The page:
To get an idea of the importance of mutualistic relationships between plants and fungi, consider that a third of the carbon sequestered in the soil of boreal forests are composed of the wood residues after the fungi break down the cellulose.
Maintaining the interface between the fungi and their hosts is the job of small fungal proteins known as MiSSPs. This group involves hydrophobins, hydrophobic fungal proteins produced in response to changes in environmental conditions and which are believed to be involved in plant-fungal interactions, particularly in the free space outside plant cell walls at the roots. To learn more about these proteins, a team of researchers including DOE JGI Fungal Program head Igor Grigorievconducted a genome-wide inventory of hydrophobinsin two strains of the symbiotic fungus Laccaria bicolor, sequenced at the DOE JGI in 2008.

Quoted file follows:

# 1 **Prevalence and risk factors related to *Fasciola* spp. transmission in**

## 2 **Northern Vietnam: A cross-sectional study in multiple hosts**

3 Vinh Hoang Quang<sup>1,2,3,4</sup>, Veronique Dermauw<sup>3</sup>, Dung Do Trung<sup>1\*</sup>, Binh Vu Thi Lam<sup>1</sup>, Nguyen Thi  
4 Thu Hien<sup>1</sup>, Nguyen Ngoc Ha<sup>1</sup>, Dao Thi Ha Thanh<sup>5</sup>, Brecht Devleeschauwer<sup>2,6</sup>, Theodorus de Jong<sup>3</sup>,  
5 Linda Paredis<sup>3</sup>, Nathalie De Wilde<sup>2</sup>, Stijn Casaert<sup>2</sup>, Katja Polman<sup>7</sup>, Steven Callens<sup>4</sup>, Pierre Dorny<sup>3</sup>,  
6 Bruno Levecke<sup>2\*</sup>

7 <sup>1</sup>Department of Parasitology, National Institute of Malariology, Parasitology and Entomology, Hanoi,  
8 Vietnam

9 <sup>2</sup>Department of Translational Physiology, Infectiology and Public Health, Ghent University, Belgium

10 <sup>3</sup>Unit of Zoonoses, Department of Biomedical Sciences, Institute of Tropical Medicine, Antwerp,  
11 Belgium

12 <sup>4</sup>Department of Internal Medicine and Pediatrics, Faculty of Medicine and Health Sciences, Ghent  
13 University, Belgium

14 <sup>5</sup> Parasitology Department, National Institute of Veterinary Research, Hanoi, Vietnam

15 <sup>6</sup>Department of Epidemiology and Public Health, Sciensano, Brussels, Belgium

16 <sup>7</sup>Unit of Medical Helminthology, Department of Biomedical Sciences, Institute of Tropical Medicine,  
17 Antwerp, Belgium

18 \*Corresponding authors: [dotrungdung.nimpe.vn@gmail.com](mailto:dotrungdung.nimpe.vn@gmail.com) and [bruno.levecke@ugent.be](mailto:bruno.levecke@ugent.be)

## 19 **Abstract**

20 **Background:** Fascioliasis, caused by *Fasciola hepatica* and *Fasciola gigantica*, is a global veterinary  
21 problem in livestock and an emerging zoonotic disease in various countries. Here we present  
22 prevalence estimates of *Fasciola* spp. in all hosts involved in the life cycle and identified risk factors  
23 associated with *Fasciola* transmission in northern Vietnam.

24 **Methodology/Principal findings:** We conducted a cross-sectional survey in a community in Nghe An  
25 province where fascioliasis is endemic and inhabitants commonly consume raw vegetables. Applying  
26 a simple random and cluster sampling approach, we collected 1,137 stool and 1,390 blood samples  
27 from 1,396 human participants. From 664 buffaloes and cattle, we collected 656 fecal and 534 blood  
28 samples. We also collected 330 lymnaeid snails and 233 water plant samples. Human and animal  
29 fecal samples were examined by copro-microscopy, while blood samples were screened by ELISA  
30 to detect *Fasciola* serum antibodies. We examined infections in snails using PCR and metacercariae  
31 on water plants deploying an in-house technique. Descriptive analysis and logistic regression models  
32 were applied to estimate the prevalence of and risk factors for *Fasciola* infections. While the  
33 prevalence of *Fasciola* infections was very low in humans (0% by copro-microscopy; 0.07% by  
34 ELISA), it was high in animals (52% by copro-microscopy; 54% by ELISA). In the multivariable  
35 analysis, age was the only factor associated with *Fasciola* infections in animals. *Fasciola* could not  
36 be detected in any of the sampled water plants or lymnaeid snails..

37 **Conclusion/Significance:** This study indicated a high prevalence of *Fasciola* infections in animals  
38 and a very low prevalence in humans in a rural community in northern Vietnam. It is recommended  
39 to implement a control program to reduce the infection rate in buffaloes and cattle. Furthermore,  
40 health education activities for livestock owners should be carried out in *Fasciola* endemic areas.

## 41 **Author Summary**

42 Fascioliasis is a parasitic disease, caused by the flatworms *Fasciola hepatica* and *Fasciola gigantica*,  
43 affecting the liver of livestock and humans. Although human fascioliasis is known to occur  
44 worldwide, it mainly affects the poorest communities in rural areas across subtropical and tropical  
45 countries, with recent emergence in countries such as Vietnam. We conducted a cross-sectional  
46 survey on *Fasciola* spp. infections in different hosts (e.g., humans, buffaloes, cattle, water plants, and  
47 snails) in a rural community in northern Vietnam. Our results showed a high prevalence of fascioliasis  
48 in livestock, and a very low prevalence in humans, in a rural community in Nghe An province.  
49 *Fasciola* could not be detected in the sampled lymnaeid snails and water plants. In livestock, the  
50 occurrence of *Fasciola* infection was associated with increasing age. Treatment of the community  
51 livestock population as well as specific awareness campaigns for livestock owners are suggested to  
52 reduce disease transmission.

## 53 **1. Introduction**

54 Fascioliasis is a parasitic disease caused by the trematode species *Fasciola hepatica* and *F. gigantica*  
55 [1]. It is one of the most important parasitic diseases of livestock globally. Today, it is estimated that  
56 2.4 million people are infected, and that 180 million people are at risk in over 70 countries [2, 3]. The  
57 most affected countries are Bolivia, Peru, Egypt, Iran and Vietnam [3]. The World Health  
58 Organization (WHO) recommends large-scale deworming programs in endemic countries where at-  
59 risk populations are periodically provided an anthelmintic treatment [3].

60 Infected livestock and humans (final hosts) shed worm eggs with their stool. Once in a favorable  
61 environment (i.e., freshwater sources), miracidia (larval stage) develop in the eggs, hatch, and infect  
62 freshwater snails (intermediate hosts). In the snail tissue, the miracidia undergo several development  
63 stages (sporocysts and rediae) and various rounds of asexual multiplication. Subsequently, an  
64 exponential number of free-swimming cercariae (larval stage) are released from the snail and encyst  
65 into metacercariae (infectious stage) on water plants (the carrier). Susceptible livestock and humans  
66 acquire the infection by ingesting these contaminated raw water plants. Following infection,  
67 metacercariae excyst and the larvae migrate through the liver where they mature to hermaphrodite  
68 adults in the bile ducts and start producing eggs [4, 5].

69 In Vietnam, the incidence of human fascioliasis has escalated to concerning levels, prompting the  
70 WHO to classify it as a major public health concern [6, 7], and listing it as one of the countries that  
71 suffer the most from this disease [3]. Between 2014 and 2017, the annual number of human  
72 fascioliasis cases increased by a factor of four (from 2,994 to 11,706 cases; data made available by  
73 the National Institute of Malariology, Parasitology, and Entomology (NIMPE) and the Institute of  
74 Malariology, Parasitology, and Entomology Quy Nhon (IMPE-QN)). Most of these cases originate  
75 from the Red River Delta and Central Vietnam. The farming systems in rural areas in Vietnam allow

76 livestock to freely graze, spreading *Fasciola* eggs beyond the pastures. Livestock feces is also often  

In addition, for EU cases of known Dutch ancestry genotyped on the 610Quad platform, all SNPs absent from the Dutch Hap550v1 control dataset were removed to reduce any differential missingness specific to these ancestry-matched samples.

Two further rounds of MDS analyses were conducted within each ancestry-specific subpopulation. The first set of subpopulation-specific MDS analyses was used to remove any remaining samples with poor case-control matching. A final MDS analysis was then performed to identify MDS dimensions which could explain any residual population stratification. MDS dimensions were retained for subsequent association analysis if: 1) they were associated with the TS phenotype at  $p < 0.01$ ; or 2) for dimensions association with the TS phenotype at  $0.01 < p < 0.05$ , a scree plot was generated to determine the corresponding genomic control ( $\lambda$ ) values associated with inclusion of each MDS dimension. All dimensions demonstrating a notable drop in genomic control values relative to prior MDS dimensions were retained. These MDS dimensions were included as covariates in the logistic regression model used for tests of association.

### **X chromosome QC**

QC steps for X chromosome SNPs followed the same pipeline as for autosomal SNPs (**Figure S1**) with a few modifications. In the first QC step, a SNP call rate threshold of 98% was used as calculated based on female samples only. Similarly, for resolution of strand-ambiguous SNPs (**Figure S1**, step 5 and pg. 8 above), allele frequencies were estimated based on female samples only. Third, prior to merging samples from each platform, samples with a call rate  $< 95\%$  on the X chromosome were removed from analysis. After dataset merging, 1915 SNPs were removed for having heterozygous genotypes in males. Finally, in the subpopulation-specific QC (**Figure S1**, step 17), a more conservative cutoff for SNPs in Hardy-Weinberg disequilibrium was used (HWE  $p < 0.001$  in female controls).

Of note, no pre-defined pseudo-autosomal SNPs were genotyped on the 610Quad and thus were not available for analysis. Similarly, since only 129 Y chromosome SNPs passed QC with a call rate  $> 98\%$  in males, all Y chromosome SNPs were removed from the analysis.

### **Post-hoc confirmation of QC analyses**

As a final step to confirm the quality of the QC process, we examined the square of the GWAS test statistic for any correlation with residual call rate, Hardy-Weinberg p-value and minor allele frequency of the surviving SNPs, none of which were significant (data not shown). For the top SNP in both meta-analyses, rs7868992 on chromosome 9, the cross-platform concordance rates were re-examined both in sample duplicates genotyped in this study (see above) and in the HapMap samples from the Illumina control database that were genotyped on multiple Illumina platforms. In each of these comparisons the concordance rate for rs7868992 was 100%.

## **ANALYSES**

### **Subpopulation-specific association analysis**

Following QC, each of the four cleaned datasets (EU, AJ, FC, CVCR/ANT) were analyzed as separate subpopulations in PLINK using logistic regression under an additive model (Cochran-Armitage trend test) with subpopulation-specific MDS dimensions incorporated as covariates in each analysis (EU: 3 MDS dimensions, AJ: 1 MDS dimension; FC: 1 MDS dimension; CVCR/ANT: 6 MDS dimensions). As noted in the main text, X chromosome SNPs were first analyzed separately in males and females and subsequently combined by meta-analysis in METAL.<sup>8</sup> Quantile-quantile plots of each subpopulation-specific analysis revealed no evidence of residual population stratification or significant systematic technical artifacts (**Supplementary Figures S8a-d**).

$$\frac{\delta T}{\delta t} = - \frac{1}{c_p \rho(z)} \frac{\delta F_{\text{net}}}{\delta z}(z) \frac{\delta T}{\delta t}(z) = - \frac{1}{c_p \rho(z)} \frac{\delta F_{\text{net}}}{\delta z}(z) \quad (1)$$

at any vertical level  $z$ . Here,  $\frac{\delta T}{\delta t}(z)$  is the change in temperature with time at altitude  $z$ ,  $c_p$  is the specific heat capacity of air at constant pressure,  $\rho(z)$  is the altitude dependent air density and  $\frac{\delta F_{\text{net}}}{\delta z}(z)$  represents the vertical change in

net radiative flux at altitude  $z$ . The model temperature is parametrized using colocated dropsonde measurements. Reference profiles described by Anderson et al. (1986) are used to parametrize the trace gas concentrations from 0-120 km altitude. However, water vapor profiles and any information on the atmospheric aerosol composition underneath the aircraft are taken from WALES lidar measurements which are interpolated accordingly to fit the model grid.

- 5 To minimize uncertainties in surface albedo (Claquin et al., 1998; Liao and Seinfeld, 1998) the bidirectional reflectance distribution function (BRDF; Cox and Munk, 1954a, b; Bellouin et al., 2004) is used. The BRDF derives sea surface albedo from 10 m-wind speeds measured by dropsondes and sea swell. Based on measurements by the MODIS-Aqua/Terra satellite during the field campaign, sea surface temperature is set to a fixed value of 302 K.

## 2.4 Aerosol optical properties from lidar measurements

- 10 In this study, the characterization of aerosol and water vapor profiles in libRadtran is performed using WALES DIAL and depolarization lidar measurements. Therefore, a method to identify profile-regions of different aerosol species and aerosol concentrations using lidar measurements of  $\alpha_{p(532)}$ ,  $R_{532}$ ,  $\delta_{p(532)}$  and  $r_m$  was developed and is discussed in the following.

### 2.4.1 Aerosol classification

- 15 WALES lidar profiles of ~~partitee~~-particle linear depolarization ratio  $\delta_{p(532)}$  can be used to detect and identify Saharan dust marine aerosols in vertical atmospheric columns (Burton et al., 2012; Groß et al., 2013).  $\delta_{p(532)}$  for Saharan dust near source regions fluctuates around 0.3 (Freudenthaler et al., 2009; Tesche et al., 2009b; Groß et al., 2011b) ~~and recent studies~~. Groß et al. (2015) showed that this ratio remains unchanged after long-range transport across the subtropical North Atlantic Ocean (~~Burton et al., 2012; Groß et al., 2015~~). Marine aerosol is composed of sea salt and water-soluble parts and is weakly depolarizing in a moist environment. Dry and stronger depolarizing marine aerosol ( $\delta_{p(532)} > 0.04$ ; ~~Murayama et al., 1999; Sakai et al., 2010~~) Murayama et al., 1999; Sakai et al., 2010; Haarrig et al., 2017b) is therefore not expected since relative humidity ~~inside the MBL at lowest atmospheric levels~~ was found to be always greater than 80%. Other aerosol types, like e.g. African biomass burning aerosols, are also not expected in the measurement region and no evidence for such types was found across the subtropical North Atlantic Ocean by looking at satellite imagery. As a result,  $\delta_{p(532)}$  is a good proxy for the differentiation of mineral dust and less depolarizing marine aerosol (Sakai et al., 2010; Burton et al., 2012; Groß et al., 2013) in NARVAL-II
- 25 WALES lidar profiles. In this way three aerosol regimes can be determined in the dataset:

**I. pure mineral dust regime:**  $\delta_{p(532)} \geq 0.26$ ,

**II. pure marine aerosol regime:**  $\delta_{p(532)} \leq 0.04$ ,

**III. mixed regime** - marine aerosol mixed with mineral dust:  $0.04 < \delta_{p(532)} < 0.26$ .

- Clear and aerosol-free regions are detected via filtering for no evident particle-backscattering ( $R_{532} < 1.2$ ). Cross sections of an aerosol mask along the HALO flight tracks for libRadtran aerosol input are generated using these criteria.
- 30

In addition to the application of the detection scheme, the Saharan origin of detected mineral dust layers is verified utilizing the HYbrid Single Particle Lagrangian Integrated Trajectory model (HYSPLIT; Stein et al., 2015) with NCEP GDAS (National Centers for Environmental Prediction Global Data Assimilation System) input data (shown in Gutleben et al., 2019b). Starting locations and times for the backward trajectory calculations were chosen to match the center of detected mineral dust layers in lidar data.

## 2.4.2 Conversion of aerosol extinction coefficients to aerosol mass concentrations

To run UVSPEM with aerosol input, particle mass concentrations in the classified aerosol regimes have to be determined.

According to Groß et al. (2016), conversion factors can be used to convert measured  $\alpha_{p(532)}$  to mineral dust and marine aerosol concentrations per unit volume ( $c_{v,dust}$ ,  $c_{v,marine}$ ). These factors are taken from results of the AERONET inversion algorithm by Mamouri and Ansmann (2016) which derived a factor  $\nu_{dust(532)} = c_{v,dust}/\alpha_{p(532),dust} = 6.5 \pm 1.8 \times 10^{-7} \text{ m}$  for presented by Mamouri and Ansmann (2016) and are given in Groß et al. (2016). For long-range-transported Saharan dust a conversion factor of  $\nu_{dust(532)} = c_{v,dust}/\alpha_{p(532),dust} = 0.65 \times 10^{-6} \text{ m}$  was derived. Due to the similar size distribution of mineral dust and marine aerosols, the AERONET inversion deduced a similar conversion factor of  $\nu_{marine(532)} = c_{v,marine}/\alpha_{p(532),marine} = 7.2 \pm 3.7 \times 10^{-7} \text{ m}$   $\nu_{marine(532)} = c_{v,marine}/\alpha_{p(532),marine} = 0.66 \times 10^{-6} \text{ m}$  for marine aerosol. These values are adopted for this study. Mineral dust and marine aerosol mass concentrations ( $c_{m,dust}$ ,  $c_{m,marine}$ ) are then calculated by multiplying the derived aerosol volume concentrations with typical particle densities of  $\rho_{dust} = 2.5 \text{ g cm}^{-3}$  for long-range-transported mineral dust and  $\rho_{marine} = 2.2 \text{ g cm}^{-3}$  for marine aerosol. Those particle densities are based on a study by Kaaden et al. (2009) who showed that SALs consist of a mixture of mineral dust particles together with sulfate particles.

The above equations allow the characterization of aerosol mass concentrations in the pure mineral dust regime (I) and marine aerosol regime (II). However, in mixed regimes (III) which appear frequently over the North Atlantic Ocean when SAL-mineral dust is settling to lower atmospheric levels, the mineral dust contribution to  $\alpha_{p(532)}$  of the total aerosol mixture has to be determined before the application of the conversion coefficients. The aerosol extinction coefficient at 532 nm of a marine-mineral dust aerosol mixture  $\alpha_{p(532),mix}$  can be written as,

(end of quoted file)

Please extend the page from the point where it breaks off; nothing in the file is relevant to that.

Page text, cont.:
In their report published online January 26, 2012 in Fungal Genetics and Biology, the team proposes that the numbers of hydrophobinspresent may be related to their ability to maintain a mutualistic relationship with a host plant. “We would suggest… that hydrophobinsare expressed at higher levels in less receptive hosts to provide a thicker layer around the fungal hyphae to protect it from plant based defenses,” the team wrote. “It would be attractive to broadly conclude that hydrophobinexpression varies inversely with the ease of host colonization. It is likely that the story is far more complicated, however, and this may not always be the case. ”